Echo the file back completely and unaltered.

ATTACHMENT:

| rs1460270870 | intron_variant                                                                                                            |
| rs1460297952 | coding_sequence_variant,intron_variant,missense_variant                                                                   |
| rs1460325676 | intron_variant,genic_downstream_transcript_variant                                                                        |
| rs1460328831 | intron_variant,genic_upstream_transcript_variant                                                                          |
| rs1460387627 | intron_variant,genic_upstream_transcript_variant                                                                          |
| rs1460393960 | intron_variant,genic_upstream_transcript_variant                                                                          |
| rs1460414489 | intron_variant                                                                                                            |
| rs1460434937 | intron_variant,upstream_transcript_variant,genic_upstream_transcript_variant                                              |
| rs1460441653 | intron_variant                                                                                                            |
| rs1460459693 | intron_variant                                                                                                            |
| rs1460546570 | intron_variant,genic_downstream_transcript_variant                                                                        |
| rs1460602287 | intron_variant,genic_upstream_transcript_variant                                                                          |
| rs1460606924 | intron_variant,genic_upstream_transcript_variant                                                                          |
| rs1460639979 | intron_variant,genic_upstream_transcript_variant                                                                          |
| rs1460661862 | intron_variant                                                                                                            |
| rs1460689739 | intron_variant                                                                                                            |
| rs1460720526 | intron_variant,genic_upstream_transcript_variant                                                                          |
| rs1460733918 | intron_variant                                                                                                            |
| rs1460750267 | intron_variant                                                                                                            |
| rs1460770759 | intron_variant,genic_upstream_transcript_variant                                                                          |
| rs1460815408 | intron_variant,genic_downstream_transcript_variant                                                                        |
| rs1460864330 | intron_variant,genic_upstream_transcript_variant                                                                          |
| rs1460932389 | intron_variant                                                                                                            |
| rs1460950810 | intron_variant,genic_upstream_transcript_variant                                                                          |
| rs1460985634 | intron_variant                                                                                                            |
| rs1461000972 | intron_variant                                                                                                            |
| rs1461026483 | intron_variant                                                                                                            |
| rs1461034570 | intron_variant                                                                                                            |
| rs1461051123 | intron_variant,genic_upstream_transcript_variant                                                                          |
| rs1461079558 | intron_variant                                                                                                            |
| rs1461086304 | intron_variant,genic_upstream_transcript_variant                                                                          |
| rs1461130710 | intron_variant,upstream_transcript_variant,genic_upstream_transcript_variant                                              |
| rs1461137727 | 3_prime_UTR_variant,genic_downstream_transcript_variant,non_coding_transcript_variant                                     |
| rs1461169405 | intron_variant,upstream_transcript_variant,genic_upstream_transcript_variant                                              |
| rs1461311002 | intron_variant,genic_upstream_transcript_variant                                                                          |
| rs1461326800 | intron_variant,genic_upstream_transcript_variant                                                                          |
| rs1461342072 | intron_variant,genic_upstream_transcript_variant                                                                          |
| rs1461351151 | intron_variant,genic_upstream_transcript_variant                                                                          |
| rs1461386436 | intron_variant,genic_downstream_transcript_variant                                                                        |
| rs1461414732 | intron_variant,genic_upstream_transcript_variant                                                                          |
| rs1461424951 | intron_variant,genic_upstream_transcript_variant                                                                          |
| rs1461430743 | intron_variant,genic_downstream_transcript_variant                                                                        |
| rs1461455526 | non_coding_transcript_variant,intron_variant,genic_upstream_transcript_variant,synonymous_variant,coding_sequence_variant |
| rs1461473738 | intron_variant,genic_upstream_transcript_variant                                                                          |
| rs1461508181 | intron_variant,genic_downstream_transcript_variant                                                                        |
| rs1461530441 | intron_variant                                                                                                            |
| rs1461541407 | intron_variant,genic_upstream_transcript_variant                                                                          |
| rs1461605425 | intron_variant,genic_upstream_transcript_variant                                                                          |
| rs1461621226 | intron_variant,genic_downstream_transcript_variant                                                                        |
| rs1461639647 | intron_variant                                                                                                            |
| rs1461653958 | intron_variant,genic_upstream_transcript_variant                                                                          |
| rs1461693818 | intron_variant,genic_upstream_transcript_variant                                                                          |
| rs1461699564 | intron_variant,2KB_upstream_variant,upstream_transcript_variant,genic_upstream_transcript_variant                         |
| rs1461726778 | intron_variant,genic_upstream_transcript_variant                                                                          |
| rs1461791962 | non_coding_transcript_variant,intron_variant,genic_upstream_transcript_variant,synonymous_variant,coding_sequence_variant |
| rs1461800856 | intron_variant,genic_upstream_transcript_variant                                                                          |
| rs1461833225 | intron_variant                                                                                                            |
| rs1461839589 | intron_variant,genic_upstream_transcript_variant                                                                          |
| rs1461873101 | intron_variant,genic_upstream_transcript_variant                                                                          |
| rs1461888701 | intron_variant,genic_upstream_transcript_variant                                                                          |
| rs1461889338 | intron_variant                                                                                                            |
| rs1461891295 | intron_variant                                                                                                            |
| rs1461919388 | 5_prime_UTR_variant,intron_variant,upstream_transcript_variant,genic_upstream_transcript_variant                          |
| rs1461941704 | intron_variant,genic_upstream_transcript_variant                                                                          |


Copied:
| rs1460270870 | intron_variant                                                                                                            |
| rs1460297952 | coding_sequence_variant,intron_variant,missense_variant                                                                   |
| rs1460325676 | intron_variant,genic_downstream_transcript_variant                                                                        |
| rs1460328831 | intron_variant,genic_upstream_transcript_variant                                                                          |
| rs1460387627 | intron_variant,genic_upstream_transcript_variant                                                                          |
| rs1460393960 | intron_variant,genic_upstream_transcript_variant                                                                          |
| rs1460414489 | intron_variant                                                                                                            |
| rs1460434937 | intron_variant,upstream_transcript_variant,genic_upstream_transcript_variant                                              |
| rs1460441653 | intron_variant                                                                                                            |
| rs1460459693 | intron_variant                                                                                                            |
| rs1460546570 | intron_variant,genic_downstream_transcript_variant                                                                        |
| rs1460602287 | intron_variant,genic_upstream_transcript_variant                                                                          |
| rs1460606924 | intron_variant,genic_upstream_transcript_variant                                                                          |
| rs1460639979 | intron_variant,genic_upstream_transcript_variant                                                                          |
| rs1460661862 | intron_variant                                                                                                            |
| rs1460689739 | intron_variant                                                                                                            |
| rs1460720526 | intron_variant,genic_upstream_transcript_variant                                                                          |
| rs1460733918 | intron_variant                                                                                                            |
| rs1460750267 | intron_variant                                                                                                            |
| rs1460770759 | intron_variant,genic_upstream_transcript_variant                                                                          |
| rs1460815408 | intron_variant,genic_downstream_transcript_variant                                                                        |
| rs1460864330 | intron_variant,genic_upstream_transcript_variant                                                                          |
| rs1460932389 | intron_variant                                                                                                            |
| rs1460950810 | intron_variant,genic_upstream_transcript_variant                                                                          |
| rs1460985634 | intron_variant                                                                                                            |
| rs1461000972 | intron_variant                                                                                                            |
| rs1461026483 | intron_variant                                                                                                            |
| rs1461034570 | intron_variant                                                                                                            |
| rs1461051123 | intron_variant,genic_upstream_transcript_variant                                                                          |
| rs1461079558 | intron_variant                                                                                                            |
| rs1461086304 | intron_variant,genic_upstream_transcript_variant                                                                          |
| rs1461130710 | intron_variant,upstream_transcript_variant,genic_upstream_transcript_variant                                              |
| rs1461137727 | 3_prime_UTR_variant,genic_downstream_transcript_variant,non_coding_transcript_variant                                     |
| rs1461169405 | intron_variant,upstream_transcript_variant,genic_upstream_transcript_variant                                              |
| rs1461311002 | intron_variant,genic_upstream_transcript_variant                                                                          |
| rs1461326800 | intron_variant,genic_upstream_transcript_variant                                                                          |
| rs1461342072 | intron_variant,genic_upstream_transcript_variant                                                                          |
| rs1461351151 | intron_variant,genic_upstream_transcript_variant                                                                          |
| rs1461386436 | intron_variant,genic_downstream_transcript_variant                                                                        |
| rs1461414732 | intron_variant,genic_upstream_transcript_variant                                                                          |
| rs1461424951 | intron_variant,genic_upstream_transcript_variant                                                                          |
| rs1461430743 | intron_variant,genic_downstream_transcript_variant                                                                        |
| rs1461455526 | non_coding_transcript_variant,intron_variant,genic_upstream_transcript_variant,synonymous_variant,coding_sequence_variant |
| rs1461473738 | intron_variant,genic_upstream_transcript_variant                                                                          |
| rs1461508181 | intron_variant,genic_downstream_transcript_variant                                                                        |
| rs1461530441 | intron_variant                                                                                                            |
| rs1461541407 | intron_variant,genic_upstream_transcript_variant                                                                          |
| rs1461605425 | intron_variant,genic_upstream_transcript_variant                                                                          |
| rs1461621226 | intron_variant,genic_downstream_transcript_variant                                                                        |
| rs1461639647 | intron_variant                                                                                                            |
| rs1461653958 | intron_variant,genic_upstream_transcript_variant                                                                          |
| rs1461693818 | intron_variant,genic_upstream_transcript_variant                                                                          |
| rs1461699564 | intron_variant,2KB_upstream_variant,upstream_transcript_variant,genic_upstream_transcript_variant                         |
| rs1461726778 | intron_variant,genic_upstream_transcript_variant                                                                          |
| rs1461791962 | non_coding_transcript_variant,intron_variant,genic_upstream_transcript_variant,synonymous_variant,coding_sequence_variant |
| rs1461800856 | intron_variant,genic_upstream_transcript_variant                                                                          |
| rs1461833225 | intron_variant                                                                                                            |
| rs1461839589 | intron_variant,genic_upstream_transcript_variant                                                                          |
| rs1461873101 | intron_variant,genic_upstream_transcript_variant                                                                          |
| rs1461888701 | intron_variant,genic_upstream_transcript_variant                                                                          |
| rs1461889338 | intron_variant                                                                                                            |
| rs1461891295 | intron_variant                                                                                                            |
| rs1461919388 | 5_prime_UTR_variant,intron_variant,upstream_transcript_variant,genic_upstream_transcript_variant                          |
| rs1461941704 | intron_variant,genic_upstream_transcript_variant                                                                          |